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An Athenian, surnamed “the Just,” son of Lysimachus, of an ancient and noble family. He fought at the battle of Marathon, B.C. 490; and in the next year, 489, was archon. He was the great rival of Themistocles, and it was through the influence of the latter with the people that he suffered ostracism (q.v.) in 483 or 482. He was still in exile in 480 at the battle of Salamis, where he did good service by dislodging the enemy, with a band raised and armed by himself, from the islet of Psyttalea. He was recalled from banishment after the battle, was appointed general in the following year (479 B.C.), and commanded the Athenians at the battle of Plataea. In 477, when the allies had become disgusted with the conduct of Pausanias and the Spartans, he and his colleague Cimon had the glory of obtaining for Athens the command of the maritime confederacy (see Confederacy of Delos); and to Aristides was by general consent intrusted the task of drawing up its laws and fixing its assessments. The first tribute of four hundred and sixty talents, paid into a common treasury at Delos, bore his name. This is his last recorded act. He probably died in 468, and so poor that he did not leave enough to pay for his funeral. His daughters were portioned by the State, and his son Lysimachus received a grant of land and of money.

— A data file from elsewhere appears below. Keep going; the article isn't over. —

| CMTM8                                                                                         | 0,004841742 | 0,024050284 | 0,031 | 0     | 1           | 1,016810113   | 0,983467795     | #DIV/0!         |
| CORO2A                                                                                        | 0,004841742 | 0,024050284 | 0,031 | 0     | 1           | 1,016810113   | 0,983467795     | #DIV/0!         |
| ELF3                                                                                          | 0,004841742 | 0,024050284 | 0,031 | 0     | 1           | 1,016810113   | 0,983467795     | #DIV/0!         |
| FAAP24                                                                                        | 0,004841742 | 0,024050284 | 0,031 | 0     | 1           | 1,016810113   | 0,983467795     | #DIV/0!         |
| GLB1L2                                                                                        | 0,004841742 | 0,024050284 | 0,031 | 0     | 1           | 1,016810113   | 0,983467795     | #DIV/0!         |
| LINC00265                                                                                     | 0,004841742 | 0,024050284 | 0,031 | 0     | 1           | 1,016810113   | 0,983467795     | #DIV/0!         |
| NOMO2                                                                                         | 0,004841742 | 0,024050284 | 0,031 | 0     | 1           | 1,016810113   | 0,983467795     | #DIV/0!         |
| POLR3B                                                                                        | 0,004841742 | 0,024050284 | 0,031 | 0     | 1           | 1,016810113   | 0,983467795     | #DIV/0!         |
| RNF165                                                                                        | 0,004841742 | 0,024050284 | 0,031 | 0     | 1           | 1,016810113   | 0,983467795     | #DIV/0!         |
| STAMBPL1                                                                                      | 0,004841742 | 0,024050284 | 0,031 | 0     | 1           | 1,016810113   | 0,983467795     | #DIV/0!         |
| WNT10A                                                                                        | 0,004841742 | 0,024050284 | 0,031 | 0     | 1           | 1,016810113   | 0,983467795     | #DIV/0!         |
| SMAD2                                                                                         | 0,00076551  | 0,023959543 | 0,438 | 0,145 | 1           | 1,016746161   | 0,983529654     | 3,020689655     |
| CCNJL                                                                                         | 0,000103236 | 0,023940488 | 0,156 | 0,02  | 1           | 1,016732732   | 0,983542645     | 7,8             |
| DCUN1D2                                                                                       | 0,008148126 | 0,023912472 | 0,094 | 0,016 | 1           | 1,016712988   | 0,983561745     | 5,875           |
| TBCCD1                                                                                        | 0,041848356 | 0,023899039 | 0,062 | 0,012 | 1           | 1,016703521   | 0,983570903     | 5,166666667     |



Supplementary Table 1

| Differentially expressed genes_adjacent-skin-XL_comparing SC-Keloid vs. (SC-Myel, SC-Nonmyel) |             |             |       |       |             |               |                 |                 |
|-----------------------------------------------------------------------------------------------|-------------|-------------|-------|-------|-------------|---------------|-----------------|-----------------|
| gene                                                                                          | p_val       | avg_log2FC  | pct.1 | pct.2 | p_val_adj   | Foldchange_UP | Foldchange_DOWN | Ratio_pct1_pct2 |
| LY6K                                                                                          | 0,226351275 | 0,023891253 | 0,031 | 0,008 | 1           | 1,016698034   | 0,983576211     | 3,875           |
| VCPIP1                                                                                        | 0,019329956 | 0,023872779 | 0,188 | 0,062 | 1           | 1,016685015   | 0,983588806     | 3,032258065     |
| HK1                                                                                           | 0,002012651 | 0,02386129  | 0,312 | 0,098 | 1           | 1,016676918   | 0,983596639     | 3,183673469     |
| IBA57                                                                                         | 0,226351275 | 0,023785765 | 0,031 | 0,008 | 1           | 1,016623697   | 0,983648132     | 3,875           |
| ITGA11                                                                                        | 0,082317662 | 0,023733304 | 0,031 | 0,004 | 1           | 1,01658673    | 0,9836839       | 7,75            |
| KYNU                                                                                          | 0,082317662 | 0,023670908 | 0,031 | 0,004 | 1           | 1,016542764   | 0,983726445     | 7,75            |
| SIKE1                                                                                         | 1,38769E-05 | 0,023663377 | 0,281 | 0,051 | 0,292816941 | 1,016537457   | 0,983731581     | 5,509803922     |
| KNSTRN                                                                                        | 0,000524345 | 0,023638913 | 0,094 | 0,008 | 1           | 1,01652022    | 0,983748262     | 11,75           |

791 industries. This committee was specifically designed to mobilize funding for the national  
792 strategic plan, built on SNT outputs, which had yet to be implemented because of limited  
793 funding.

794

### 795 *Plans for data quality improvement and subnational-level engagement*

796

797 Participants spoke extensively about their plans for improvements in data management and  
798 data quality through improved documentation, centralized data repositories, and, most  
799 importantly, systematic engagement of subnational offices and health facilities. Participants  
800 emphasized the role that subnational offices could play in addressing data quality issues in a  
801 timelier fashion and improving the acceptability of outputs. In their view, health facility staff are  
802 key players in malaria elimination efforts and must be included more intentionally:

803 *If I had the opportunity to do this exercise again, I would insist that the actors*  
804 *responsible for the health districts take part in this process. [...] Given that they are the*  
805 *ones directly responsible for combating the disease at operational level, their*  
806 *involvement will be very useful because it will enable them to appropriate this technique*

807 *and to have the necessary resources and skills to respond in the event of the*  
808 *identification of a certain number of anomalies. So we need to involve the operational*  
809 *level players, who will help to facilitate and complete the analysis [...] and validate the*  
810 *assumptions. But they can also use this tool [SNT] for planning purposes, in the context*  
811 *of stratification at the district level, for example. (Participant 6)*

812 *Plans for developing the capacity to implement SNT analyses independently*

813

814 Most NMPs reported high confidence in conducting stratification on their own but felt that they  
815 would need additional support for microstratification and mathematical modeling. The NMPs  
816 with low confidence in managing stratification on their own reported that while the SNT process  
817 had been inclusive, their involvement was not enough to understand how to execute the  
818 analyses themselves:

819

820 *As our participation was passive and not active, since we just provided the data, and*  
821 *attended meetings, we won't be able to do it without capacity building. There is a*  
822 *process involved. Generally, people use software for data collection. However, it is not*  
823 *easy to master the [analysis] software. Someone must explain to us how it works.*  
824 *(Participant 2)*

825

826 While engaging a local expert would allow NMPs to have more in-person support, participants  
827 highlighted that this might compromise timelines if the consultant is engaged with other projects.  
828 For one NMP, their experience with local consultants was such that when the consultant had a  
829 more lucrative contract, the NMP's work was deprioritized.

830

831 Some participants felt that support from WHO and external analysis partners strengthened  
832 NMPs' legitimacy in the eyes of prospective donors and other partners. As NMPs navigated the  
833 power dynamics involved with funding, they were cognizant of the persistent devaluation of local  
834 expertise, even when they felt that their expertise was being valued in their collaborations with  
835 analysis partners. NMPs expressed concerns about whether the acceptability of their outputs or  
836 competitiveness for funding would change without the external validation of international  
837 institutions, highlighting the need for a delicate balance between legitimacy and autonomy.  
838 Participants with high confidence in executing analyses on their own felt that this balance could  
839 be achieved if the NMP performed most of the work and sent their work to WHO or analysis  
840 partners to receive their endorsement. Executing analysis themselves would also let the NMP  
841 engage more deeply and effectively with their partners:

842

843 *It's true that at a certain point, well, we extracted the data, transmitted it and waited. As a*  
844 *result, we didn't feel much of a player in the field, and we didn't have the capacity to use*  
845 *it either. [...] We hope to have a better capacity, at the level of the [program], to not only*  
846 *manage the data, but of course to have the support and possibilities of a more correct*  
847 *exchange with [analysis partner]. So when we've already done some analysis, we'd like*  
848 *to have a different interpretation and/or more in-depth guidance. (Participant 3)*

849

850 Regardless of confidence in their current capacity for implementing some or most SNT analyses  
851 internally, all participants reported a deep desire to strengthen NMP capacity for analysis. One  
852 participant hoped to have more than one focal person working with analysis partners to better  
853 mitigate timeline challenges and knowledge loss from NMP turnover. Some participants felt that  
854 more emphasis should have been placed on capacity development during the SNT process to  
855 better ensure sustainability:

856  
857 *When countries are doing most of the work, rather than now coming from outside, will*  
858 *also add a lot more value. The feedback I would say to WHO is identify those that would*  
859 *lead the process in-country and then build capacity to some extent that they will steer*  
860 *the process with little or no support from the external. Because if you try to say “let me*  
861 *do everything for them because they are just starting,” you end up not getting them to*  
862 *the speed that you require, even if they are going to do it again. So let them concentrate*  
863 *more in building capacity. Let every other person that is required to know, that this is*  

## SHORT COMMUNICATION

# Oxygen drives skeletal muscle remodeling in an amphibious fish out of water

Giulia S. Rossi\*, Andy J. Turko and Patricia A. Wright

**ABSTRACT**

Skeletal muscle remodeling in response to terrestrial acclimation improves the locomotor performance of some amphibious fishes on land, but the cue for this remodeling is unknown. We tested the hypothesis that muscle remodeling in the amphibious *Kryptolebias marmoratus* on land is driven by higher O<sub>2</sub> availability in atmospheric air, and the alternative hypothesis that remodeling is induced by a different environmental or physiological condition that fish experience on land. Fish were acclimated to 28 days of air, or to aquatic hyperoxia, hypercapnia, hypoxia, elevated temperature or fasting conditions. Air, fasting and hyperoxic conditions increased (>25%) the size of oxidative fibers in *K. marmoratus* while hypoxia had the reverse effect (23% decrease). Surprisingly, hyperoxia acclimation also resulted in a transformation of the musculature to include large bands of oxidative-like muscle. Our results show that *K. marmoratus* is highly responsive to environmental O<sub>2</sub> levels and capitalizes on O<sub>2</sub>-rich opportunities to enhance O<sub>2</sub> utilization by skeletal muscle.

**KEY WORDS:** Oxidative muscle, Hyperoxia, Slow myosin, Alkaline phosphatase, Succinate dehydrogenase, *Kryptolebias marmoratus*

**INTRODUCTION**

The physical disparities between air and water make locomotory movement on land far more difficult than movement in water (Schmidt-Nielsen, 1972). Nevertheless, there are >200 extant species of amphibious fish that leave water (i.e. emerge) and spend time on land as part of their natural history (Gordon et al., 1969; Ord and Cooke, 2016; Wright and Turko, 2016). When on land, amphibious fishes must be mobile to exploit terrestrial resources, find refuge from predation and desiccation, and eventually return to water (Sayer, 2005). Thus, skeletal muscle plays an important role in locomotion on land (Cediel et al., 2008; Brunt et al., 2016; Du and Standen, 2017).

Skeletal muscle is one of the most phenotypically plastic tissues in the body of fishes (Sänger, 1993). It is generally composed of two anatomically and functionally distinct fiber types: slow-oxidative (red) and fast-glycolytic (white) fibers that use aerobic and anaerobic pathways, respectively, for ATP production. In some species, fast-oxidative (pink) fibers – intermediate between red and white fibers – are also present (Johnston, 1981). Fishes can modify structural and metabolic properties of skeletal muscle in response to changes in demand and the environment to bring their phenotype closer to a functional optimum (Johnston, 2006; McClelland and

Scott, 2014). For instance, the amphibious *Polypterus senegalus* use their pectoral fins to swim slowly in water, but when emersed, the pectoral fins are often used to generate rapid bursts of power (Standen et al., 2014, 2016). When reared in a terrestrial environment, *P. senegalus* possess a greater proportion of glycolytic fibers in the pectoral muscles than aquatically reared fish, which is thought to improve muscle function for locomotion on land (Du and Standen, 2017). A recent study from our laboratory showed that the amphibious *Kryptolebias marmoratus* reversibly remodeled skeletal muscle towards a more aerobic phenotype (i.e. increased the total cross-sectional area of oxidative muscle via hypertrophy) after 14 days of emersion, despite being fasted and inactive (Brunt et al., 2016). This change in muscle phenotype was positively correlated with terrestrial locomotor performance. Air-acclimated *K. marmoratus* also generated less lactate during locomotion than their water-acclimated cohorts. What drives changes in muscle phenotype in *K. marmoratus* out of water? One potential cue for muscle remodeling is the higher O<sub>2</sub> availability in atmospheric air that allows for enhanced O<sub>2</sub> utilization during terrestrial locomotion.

The author of a licentious romance, in prose, entitled Milesiaca, having Miletus for its scene. It was translated into Latin by L. Cornelius Sisenna, a contemporary of Sulla , and became popular with the Romans. The title of his work gave rise to the term “Milesian” as applied to works of fiction.


Of Thebes, a celebrated Greek painter, who flourished about B.C. 360-330. His pictures were so much valued that long after his death Attalus, king of Pergamus, offered 600,000 sesterces for one.


See Theodorus.


See Quintilianus.

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